[Footnote 157: This paragraph is inserted from the previous remarks to the voyage of Keeling, by the editor of Astley's Collection.—E.]

Purchas remarks punningly in a side-note, "That the Consent held no concent with the Dragon and Hector." Her voyage will be found in the sequel of this section, with, several other articles connected with it, which have not been noticed in Astley's Collection, and which appeared necessary to elucidate the early commercial connections of England with India, and the manners and customs of the eastern nations. We have endeavoured to amend the uncouth and abrupt style of Purchas, but it was impossible to clear up his obscurities; and in many instances we have abbreviated or lopt off redundancies and unimportant particulars.—E.

* * * * *

Sec. 1. Disasters in the Outset of the Voyage, forcing them back to Sierra Leona; with Occurrences till leaving Saldanha Bay.

By the 1st of April, 1607, the Dragon and Hector had reached the Downs. After passing the line in the beginning of June, and getting four or five degrees to the southwards, we were so crossed by gusts, calms, rains, and sickness, as to be constrained to return northwards. Missing the island of Fernando Noronha, I consulted on the 30th July with the master, named Taverner, who thought we must return for England; but Sierra Leona being mentioned, of which place I had formerly read good accounts, I sent for the book,[158] and both Mr Taverner and myself took a liking to the place. Our company being very much diseased, and being exceedingly in want of water, with no hopes of getting to Fernando Noronha, I called a council, and after dinner desired their opinion what was fittest to be done? They were all of opinion that we could not stand any longer to the south, for many reasons; and, demanding their opinions in regard to a watering-place, Churchman, Savage, and Taverner, proposed Mayo; Earming, Pockham, Molineux, and my master, preferred Sierra Leona for many causes, which likewise was my own opinion, wherefore we concluded to make for Sierra Leona, with which determination I acquainted the crews, to their very great comfort.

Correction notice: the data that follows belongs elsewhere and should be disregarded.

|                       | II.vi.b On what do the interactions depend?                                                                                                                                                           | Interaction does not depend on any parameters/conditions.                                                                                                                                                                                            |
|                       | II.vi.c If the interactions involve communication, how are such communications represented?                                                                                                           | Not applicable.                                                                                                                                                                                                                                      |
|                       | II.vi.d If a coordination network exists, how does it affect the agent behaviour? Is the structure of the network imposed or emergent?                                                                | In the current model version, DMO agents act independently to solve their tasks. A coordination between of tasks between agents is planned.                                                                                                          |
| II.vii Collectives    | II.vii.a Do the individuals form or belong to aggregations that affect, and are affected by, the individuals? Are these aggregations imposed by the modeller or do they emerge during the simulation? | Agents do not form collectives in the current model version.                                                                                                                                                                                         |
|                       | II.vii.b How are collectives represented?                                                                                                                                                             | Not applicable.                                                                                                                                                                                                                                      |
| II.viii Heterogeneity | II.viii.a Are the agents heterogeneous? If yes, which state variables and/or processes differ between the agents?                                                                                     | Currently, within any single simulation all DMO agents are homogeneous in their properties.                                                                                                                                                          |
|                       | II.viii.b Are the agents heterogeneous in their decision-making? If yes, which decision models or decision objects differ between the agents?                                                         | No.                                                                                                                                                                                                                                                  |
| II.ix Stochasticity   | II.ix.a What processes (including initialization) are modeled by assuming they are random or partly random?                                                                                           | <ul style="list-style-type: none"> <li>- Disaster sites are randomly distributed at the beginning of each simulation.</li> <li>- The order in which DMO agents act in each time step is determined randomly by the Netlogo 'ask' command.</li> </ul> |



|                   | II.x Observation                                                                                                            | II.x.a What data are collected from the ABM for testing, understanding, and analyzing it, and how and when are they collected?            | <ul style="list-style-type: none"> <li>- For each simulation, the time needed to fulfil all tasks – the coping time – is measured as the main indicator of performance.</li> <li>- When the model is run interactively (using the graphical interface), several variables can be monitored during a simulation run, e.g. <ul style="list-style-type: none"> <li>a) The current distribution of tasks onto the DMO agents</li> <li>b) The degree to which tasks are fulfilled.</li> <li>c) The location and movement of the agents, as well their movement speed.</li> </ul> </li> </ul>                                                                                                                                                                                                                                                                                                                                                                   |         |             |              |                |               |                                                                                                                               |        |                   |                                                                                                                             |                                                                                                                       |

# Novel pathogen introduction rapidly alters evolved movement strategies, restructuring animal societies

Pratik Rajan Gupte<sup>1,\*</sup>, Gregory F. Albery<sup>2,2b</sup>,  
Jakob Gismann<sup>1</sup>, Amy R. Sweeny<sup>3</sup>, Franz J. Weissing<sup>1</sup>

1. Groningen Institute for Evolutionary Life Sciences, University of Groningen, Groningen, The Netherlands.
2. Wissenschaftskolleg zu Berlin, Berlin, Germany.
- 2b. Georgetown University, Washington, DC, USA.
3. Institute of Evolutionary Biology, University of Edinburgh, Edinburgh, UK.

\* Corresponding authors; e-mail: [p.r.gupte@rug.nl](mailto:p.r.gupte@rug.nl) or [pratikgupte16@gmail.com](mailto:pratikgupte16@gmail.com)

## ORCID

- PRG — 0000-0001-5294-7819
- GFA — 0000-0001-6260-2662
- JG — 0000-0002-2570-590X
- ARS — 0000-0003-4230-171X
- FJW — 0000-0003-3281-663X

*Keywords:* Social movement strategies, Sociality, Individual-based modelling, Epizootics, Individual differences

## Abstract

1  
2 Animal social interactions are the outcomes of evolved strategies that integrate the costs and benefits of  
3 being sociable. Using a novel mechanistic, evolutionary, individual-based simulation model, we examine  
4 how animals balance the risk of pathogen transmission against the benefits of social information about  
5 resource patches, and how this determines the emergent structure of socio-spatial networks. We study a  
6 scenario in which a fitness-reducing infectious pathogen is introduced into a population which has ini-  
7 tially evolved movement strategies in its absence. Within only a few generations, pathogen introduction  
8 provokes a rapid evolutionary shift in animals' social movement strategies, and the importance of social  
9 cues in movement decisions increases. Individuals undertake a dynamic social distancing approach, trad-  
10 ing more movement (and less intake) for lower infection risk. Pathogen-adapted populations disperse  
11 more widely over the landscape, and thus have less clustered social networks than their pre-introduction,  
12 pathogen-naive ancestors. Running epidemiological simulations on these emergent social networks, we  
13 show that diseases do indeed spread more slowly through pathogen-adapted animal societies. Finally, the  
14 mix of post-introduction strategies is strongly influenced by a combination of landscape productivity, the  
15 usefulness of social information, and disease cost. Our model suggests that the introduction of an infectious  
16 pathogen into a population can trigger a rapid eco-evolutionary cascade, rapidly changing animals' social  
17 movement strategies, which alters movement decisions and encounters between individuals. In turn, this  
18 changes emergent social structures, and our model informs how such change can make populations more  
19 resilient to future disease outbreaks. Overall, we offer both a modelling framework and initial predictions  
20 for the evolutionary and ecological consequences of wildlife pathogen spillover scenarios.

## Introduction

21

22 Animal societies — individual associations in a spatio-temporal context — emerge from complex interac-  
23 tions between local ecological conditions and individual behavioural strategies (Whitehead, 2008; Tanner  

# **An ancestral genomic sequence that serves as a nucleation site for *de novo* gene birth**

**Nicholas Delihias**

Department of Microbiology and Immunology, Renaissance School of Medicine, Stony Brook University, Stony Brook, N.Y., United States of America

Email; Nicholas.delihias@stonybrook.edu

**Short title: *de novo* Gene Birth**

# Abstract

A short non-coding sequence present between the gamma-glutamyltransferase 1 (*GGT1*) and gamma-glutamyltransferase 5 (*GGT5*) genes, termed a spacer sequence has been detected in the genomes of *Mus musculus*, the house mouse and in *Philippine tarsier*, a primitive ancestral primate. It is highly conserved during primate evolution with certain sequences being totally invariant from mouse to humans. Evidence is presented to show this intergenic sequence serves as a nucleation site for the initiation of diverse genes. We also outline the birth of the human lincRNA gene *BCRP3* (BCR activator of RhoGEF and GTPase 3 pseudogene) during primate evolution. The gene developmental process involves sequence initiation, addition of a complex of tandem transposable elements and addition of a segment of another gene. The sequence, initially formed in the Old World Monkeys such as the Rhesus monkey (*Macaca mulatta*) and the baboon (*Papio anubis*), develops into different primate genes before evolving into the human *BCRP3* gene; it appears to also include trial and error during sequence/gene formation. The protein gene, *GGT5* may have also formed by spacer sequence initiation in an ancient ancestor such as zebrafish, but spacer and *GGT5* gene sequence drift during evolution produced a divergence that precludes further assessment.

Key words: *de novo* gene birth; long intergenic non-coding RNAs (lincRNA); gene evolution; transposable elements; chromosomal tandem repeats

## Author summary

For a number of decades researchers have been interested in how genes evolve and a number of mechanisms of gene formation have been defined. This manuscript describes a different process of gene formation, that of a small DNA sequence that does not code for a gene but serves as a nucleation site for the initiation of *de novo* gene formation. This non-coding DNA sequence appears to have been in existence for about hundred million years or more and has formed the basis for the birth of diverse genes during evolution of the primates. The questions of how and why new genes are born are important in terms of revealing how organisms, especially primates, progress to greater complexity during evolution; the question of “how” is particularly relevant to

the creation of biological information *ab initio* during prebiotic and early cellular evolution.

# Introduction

[Footnote 158: Purchas makes the following remark in a side-note:—"Mr Hakluyt's book was here of good profit; for, as Sir Thomas Smith affirmed to me, it now saved L20,000 to the company, which they had been endamaged if the ships had returned home; which had certainly been the case if that book had not been consulted."]

On the morning of the 4th August, we saw many flowers, a strong sign of approaching land, and towards evening had ground in from 20 to 16 fathoms, yet saw no land. By means of our skiff, I set the current to the S.E. at the rate of two miles each watch. The 5th we steered all morning eastwards, and E. By S. having from 30 to 20 and 10 fathoms, and still no land to be seen. The greatest depth was on an oose bottom, the least a coarse yellow sand. About nine o'clock we espied land, bearing N.E. about 8 leagues distant, being a round hummock of middling height. By noon we were in latitude 7 deg. 56' N. having steered all day east, sometimes half a point north or south, as our water deepened or shoaled, for we would sometimes have ten fathoms or more one cast, and the next seven fathoms, the ground being full of pits, believing that we were upon the edge of the shoals of Santa Anna, otherwise called Madera bomba. In the afternoon we had 9, 10, 11, and 12 fathoms. The first-seen land proved to be Ilha Verde, a very round land, and a very notable mark for any ship bound for Sierra Leona from the southwards.

About seven p.m. we anchored in 20 fathoms on hard sand, the south part of Ilha Verde, bearing E. and the Cape of Sierra Leona, which is a low point, N. by E. about eight leagues distant. But the land over the cape is very high, and may be seen fifteen leagues off in clear weather. About six next morning we made sail for the road, and had not less than 16, 15, 10, and 9 fathoms, till we ranged north and south with the rocks which lie about 1-1/2 miles west of Cape Sierra Leona; and when one mile from the nearest shore we had seven fathoms, good shoaling between us and the rock. Immediately when past the rock we had 20 fathoms, and shoaled to 18, 16, 12, and 10 fathoms all the way into the roads, keeping very near the south shore; for a sand lies about two miles from the north shore, or a league from the south shore, and upon it the sea continually breaks. We came to anchor in ten fathoms on good ground, the point of Sierra Leona bearing W. by N. the north point of the bay N. by W. and the sand or breaker N.N.E.